• Generate new political leadership. The significant expansion of the cooperative security agenda and the progress that has been made on it have been substantially facilitated by political relationships and leadership in the United States and Russia. In times when this political leadership has been lacking on one or both sides, progress has lagged and problems have festered. This agenda needs to be carried out on multiple levels and the technical implementation is essential. But, if success is going to continue, the management of the effort must not be left only to the technocrats and bureaucrats. There must be active political engagement at the White House, cabinet, and sub-cabinet levels in the U.S. government and in Russia as well. It could also be beneficial if European governments and Japan showed greater political interest in this work. Leadership from these quarters could buffer the cooperative security agenda during periods of severe U.S.-Russian conflict and provide a safety net that would allow for continued progress.
  • Expand the funding and scope of the agenda. At current funding levels, the effort to improve the security of Russia's nuclear knowledge, warheads, and fissile material is significant but inadequate given the proliferation danger. Budgets should be at least doubled. Current activities could use the additional funds to accelerate progress and new initiatives could be created. The scope of expanded activities that could be undertaken is quite substantial.11 And some new activities could expand the agenda into currently uncharted waters—for example, cooperating on improving the safeguarding of deployed, missile-based nuclear weapons. This could decrease the chances of accidental or unauthorized launch of weapons on hair-trigger alert.12
The cooperative security agenda has grown from a good idea into a significant set of activities. Political change in the United States and Russia is raising questions about the future of this work and its path forward is not clear at this time. What is clear is that there are severe consequences for eliminating or slowing major parts of this agenda. Russia controls the vastest nuclear complex, maintains the biggest nuclear arsenal, and possesses the largest stockpile of fissile material on earth. These assets are currently not adequately secure and this poses an obvious threat to international security. A major security crisis would result if just a small fraction of the weapon and material inventories leaked out. Effectively reducing and protecting these inventories, redirecting major parts of the weapons complex, and preventing sensitive scientific and technology leakage is, and must remain, a top U.S. and Russian security priority.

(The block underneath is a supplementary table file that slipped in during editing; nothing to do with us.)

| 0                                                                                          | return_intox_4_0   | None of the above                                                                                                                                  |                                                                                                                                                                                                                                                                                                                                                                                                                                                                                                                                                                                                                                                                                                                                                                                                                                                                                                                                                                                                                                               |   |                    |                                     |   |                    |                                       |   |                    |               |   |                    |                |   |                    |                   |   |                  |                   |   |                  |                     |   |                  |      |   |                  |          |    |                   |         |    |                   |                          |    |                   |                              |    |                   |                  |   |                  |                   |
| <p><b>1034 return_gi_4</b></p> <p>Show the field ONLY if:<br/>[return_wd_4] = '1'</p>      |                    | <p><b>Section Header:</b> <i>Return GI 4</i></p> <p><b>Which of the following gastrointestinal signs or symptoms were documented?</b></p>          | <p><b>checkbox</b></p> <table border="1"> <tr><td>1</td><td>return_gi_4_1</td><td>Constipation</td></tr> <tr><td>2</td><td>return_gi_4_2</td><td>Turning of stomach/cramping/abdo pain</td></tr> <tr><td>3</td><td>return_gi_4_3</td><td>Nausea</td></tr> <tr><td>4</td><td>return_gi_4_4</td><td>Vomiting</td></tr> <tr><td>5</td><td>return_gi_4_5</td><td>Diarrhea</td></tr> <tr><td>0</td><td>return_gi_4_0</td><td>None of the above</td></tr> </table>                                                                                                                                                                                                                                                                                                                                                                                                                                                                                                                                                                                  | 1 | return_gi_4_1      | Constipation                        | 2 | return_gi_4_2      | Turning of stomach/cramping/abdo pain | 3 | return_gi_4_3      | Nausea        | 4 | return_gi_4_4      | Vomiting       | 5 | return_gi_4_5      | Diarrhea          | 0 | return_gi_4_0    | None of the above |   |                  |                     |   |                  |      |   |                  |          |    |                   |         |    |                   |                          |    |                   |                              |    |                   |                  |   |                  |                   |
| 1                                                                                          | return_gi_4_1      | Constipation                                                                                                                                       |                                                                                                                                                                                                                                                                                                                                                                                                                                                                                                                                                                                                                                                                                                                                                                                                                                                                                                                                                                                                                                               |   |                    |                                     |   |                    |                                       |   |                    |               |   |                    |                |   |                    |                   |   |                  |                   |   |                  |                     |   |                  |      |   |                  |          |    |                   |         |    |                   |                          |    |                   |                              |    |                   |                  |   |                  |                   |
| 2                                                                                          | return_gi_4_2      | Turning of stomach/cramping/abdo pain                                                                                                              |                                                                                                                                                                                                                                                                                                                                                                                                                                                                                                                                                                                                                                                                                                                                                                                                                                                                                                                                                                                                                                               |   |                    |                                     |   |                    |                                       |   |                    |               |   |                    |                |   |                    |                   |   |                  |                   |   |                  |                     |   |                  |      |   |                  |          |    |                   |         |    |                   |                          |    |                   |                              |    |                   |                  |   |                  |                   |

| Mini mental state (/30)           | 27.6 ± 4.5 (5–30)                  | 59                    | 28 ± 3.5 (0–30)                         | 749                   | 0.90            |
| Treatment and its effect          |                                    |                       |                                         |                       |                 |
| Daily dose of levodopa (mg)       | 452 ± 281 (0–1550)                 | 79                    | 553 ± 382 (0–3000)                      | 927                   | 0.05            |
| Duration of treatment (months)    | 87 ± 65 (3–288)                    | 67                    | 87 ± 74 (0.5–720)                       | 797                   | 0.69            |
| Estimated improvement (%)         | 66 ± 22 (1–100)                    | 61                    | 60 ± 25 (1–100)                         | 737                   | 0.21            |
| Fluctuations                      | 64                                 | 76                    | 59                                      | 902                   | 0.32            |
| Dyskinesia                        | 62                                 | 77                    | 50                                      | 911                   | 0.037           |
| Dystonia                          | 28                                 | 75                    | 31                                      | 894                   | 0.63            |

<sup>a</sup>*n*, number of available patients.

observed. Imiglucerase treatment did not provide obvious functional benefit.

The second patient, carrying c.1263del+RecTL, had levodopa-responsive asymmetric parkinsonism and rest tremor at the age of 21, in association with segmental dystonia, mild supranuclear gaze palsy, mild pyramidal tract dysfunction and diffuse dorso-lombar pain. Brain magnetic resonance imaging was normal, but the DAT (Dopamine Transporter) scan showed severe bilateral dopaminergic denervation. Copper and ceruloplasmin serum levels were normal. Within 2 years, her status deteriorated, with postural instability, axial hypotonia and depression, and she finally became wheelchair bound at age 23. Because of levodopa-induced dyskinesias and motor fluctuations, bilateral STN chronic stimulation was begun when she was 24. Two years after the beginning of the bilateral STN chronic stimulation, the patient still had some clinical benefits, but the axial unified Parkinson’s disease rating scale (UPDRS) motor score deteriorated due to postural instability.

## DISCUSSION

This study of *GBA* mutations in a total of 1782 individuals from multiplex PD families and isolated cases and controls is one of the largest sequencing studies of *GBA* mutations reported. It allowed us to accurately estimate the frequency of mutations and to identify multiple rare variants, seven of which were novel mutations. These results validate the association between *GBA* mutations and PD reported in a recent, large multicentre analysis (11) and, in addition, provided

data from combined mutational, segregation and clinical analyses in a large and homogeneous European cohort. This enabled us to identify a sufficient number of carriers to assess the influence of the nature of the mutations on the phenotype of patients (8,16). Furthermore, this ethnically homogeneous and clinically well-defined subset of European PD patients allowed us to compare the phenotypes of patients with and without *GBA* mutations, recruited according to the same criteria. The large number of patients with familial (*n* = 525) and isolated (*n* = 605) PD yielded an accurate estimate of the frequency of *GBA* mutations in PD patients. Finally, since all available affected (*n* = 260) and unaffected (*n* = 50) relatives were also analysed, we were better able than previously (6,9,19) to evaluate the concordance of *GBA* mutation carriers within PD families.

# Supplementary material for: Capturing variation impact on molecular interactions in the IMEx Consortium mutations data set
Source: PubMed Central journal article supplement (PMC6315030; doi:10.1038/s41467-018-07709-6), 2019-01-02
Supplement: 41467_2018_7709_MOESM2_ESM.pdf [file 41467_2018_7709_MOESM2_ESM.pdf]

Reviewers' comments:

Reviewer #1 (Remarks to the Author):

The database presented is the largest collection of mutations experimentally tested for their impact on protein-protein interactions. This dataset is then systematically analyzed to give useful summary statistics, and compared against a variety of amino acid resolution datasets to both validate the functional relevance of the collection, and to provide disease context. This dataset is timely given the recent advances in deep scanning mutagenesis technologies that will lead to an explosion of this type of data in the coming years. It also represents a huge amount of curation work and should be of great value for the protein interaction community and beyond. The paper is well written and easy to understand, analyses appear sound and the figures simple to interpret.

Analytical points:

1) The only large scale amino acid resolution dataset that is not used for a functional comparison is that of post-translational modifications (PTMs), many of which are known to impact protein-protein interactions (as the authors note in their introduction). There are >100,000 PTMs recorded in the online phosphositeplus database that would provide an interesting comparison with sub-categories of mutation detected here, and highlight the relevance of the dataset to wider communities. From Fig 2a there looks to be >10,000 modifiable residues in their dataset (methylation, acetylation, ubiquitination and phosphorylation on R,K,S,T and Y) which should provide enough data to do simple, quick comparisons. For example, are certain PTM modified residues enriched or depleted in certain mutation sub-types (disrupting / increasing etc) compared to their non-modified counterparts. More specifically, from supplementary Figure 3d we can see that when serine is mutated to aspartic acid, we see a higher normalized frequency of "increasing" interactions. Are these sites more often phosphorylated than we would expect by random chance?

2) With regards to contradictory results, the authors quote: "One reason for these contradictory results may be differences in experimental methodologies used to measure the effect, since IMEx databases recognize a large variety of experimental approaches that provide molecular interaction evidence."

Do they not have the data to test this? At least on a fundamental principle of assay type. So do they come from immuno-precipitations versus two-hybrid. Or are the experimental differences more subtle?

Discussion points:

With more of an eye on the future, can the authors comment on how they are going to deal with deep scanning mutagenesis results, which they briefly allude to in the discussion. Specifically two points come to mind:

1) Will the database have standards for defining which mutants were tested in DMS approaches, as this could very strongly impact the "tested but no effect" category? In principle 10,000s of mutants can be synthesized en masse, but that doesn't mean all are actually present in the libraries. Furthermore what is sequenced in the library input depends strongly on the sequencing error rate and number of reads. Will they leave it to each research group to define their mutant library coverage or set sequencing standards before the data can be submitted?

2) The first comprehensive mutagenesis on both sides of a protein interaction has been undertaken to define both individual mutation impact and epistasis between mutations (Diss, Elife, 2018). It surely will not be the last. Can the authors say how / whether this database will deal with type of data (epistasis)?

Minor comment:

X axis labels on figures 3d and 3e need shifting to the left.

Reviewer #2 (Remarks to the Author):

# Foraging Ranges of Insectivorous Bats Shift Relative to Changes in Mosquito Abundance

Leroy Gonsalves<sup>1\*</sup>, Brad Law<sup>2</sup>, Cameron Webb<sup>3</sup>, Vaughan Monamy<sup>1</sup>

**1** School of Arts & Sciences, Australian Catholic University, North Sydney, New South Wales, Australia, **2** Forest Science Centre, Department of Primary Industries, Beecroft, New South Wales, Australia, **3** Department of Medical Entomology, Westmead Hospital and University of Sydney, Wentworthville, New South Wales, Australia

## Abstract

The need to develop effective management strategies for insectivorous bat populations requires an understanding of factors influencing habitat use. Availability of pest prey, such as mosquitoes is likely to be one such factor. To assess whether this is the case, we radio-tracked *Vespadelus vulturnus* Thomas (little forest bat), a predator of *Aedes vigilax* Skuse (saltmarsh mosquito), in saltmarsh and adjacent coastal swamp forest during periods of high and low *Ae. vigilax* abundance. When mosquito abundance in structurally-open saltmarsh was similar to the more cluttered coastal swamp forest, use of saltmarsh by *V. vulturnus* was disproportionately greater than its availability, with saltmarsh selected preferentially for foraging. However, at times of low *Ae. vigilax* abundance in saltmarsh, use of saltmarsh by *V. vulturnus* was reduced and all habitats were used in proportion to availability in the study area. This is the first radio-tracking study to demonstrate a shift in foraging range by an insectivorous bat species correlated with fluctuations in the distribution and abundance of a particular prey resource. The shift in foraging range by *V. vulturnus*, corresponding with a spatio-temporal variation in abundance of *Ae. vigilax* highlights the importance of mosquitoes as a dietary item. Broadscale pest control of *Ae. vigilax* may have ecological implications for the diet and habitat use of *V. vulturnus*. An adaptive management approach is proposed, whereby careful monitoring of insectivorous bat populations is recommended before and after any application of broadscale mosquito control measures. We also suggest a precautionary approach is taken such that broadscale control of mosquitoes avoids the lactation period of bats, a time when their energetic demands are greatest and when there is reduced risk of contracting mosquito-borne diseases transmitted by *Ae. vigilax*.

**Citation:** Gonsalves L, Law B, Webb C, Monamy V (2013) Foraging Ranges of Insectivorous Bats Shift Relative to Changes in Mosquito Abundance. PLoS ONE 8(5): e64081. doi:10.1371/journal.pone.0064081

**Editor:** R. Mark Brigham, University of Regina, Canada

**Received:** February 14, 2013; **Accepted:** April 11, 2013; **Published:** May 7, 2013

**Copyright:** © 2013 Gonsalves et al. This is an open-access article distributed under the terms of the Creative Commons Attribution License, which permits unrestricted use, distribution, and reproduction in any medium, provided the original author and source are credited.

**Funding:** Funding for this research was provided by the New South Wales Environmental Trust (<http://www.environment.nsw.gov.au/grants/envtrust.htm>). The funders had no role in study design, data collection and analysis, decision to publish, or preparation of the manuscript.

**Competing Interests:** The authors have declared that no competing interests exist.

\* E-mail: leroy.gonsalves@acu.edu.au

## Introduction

U.S.-Former Soviet Union Cooperative Security Programs
Department of Defense Programs

Cooperative Threat Reduction Programs

Strategic Offensive Arms Elimination: This project is underway in both Russia and Ukraine. In Russia, it will continue the dismantlement and destruction of Russian ballistic missile submarines, submarine-launched ballistic missiles, land-based intercontinental ballistic missiles (ICBMs), and ICBM silos. As part of this effort, Congress has provided funding to support the dismantling and disposal of nuclear submarines and submarine reactors in the Russian Far East.

Funding for the Ukrainian component will be used to continue the elimination of SS-24 ICBMs and silos and Blackjack and Bear heavy bombers and associated air-launched cruise missiles. A substantial portion of the work to eliminate SS-24 silos and heavy bombers has already been completed.

Nuclear Weapons Storage Security: This project procures and delivers security enhancements to protect nuclear weapons at Russian storage buildings and facilities, assists in the development of an automated warhead inventory and control system, and provides polygraphs and other equipment to assess the reliability of personnel responsible for warhead security.

Nuclear Weapons Transportation Security: Russian nuclear warheads are shipped over thousands of kilometers each year from deployed locations to storage sites and dismantlement facilities. This project assists in the maintenance of high-security railcars and provides security force training equipment, as well as other communications, diagnostic, and emergency equipment.